, a sculptor of Rhodes, who flourished probably in the fifth century B. C. is renowned for having executed, in concert with his son Athenodorus and Polydoros, that stupendous monument of Grecian art, the Laocoon.' It is supposed that this is the same groupe which decorated the baths of Titus in the time of Pliny, to whom we owe our knowledge of the names of the artists. It has been astonishingly preserved ever since to exhibit the perfection of the Greek artists in the imitation of nature and passion. It was discovered in the sixteenth century, in the baths of Titus, and in the very spot where, according to Pliny, it had attracted admiration in his time. The only circumstance which suggests a doubt on this subject is, that Pliny represents the groupe to have been formed of one solid block, whereas the present is evidently composed of several; but it is probable that time has rendered the fissures between the pieces more visible than when Pliny saw it. Julius II. bestowed a very liberal reward on Felix de Fredis who discovered the Laocoon, and it remained in Rome until the arrival of the French army, when that and other celebrated monuments of art were removed to the museum at Paris. Borghini and Winkelraan place the Laocoon and its sculptors in the most brilliant sera of the art in Greece; but of this some doubts have been entertained. Lessing, in his ingenious | dissertation on poetry and painting, of which the Laocoon is both the title and the subject, endeavours to prove that the statue was made after the sublime passage in Virgil, in which Laocoon’s story is given; and from a consideration of the exquisite finishing of this groupe, compared with the works of the Grecian artists, he is of opinion that it was executed under the Caesars. Be this as it may, the Laocoon has immortalised the names of Agesander, Athenodorus, and Polydorus. 1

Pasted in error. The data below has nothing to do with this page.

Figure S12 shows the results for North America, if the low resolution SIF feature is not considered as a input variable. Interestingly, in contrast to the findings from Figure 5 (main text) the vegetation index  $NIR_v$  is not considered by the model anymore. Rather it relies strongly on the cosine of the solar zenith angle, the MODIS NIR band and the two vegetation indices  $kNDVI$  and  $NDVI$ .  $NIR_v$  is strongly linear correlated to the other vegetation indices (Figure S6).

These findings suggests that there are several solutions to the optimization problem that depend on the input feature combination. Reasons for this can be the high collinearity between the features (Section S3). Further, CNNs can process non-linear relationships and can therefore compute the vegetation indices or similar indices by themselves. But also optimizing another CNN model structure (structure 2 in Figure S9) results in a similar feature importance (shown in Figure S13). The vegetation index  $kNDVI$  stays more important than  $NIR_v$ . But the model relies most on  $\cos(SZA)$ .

Biographie Universelle.